None of these were the relationship in the picture. To sort out the relative sizes, I needed to know the actual dimensions of Megachile pluto, and suitably comparable numbers for a suitably comparable honeybee—for simplicity’s sake, an Apis mellifera worker bee, the most familiar caste of the most common honeybee species.
I wrote to the Bee Lab at the University of Minnesota, asking for help, and Zachary Portman, a research scientist there, obligingly sent along two references. The first was “A Classification of the Bees of the Australian and South Pacific Region,” a 1965 paper from the Bulletin of the American Museum of Natural History by Charles D. Michener, which listed Megachile pluto as being 39 mm in length. The second, a 1984 paper from the Journal of the Kansas Entomological Society, included a photograph of a Wallace’s giant bee side-by-side with an Apis mellifera worker.
I went to compare the relative lengths of the bees in the image and discovered that somehow—after being photographed, developed, printed in the Journal of the Kansas Entomological Society, scanned, converted to pdf, downloaded, emailed, and opened in my browser on my computer screen—they had ended up life-sized. The Wallace’s giant bee was 39 mm long on a ruler held up to the screen, and the honeybee was 13 mm. Across the fattest part of the abdomen, they were 16 mm and 5 mm, respectively.
So the Wallace’s giant bee was three times the length of the honeybee, and a little more than three times the width. There was no way to measure the depth, but in all the other pictures it looked proportionate.
What did that mean about their overall sizes? Another thing that goes wrong—a lot—in science journalism is that people get so attached to the numbers they see on a calculator that they forget about significant digits and end up with spuriously precise results. I was doing a rough estimate, with the help of a ruler, so the relevant number was “three-ish.” A length of three-ish, times a width of three-ish, times a depth of three-ish equals: twenty-seven-ish? Nope. Equals “around 30.”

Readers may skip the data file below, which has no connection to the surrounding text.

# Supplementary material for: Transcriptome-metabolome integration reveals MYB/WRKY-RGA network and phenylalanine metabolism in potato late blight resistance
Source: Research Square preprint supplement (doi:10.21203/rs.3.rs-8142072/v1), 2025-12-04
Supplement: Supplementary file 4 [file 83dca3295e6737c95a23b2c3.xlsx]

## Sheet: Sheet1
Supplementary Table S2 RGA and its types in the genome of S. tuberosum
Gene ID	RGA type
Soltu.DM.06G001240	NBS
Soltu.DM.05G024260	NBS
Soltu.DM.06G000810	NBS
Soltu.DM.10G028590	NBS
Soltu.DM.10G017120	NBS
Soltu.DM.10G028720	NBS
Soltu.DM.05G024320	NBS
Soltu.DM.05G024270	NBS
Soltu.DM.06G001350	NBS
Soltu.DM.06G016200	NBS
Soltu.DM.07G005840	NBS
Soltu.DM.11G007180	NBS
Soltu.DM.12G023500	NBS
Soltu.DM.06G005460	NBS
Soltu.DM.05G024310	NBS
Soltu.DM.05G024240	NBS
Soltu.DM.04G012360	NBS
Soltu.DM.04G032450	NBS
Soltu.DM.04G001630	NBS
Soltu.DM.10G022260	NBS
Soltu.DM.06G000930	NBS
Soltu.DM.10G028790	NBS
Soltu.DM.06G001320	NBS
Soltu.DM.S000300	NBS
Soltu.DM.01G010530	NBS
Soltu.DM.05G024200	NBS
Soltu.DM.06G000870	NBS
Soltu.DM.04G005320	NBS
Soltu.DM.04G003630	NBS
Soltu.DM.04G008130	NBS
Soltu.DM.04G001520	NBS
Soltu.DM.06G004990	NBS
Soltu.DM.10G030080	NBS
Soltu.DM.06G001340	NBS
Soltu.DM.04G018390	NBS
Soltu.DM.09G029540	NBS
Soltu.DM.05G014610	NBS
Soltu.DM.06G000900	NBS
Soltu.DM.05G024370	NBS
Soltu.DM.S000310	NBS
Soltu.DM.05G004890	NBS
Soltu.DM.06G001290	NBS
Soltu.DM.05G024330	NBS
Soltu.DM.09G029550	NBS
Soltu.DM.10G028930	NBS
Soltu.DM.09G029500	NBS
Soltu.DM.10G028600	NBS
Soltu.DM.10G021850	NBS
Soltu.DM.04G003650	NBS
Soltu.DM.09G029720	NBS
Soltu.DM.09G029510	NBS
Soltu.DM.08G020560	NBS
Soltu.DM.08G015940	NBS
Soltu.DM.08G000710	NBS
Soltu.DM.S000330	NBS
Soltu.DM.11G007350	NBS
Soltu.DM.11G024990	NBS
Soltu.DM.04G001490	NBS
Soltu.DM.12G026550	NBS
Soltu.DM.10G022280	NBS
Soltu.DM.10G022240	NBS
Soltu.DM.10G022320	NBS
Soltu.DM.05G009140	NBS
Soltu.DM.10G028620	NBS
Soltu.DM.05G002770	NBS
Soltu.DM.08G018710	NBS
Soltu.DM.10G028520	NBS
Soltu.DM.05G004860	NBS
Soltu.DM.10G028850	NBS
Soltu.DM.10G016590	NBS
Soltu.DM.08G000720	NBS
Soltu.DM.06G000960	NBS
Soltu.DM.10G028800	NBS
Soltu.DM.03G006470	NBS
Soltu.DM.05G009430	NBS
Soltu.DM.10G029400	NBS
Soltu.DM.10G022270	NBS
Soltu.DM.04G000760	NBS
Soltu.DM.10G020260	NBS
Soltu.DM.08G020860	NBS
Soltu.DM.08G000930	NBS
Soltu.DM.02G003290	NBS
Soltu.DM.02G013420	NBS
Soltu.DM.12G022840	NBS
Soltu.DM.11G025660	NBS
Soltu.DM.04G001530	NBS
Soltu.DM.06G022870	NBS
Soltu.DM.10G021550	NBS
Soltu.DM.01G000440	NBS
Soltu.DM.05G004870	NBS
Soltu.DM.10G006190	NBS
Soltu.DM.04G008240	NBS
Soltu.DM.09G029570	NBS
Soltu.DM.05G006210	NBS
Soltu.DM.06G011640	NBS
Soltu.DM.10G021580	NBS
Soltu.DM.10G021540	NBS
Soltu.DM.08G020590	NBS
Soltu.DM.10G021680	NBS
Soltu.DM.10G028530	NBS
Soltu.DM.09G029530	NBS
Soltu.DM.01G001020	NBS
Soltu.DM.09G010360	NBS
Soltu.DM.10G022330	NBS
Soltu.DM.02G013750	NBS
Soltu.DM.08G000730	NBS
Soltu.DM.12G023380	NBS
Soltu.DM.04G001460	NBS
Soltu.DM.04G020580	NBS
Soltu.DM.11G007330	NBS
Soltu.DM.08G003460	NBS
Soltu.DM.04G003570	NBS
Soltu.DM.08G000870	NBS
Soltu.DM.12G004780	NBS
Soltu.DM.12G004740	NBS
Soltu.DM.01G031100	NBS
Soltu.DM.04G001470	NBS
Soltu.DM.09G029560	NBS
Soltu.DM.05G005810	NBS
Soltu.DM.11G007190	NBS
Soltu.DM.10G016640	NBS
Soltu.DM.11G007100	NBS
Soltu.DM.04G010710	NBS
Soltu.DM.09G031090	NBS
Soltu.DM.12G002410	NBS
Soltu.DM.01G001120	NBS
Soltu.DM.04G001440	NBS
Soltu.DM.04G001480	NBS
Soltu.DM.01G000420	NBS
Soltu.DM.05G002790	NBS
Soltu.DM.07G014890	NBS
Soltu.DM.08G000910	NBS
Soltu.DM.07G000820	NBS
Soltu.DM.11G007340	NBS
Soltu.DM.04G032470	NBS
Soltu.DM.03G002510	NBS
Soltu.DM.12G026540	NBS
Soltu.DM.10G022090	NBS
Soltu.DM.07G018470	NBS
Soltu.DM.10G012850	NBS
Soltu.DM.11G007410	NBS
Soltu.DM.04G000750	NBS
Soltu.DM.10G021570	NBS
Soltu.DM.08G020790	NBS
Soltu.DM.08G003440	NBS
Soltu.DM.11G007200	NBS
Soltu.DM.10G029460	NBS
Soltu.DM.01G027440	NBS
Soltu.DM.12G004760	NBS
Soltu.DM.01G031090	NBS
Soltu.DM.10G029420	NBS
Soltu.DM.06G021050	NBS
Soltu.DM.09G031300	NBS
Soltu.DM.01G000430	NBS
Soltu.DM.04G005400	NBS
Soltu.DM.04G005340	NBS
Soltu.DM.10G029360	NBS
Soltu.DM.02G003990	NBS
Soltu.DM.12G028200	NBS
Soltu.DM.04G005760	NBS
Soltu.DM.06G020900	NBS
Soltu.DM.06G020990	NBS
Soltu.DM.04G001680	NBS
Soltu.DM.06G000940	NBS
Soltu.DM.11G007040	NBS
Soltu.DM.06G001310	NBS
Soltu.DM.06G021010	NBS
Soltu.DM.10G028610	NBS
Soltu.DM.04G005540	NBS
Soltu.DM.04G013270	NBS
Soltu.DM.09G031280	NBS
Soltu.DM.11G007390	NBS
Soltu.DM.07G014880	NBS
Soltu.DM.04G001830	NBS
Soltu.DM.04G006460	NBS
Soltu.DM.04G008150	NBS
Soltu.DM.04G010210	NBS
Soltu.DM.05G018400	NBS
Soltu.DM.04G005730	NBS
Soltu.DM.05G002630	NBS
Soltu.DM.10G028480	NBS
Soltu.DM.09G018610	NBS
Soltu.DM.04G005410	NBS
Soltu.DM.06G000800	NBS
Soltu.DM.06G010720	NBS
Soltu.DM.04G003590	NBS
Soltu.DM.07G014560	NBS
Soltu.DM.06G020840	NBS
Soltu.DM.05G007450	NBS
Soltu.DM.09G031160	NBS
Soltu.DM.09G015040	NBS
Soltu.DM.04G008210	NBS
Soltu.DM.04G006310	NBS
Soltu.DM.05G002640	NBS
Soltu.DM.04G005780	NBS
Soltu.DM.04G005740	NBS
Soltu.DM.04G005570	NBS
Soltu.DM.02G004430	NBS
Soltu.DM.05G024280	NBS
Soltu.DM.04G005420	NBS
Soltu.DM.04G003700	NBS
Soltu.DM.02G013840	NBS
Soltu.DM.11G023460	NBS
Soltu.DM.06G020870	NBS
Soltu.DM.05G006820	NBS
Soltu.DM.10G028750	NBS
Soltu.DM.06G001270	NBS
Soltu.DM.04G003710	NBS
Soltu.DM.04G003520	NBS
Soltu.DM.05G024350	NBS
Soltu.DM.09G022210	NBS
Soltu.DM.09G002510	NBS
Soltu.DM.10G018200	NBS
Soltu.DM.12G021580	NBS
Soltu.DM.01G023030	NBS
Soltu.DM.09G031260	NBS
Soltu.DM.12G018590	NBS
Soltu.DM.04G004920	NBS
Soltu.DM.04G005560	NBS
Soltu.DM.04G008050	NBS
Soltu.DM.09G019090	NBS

The Wallace’s giant bee is around 30 times the size of a honeybee, not four times.
And the human thumb? If the bee is as deep as it is wide, it’s about 10,000 cubic millimeters. The ruler said my thumb is 70 mm from the tip to the carpometacarpal joint, and 20 mm across the knuckle, and not quite as thick as it is wide. Call it 25,000 cubic millimeters. I’m six feet tall, so allowing for some overage, it seems safe to say the Wallace’s giant bee is maybe half the size of a human thumb.
How did the thumb thing get into the record? Clay Bolt, the photographer on the expedition, wrote an article about finding the bee in which he cited the bee’s discoverer, Alfred Russel Wallace, the 19th century British naturalist best known for having come up with the theory of evolution by natural selection independently of Charles Darwin:
Wallace spends little time on the bee—one of 1,000 new species he had also discovered. But he described the female that a local brought to him as, “…about as long as an adult human’s thumb,” and as “a large black wasp-like insect, with immense jaws like a stag-beetle.”
In a photograph taken within a few years of his finding the bee, Wallace (standing beside a chair, for reference) appears to be, if anything, unusually tall, and his thumbs seem to be normally proportioned. Maybe he was assuming that other people’s thumbs were half the size of his own, or maybe he was being careless. Here’s a science lesson: more than 150 years later, people are still copying down his estimate as fact, ignoring the evidence of their own thumbs.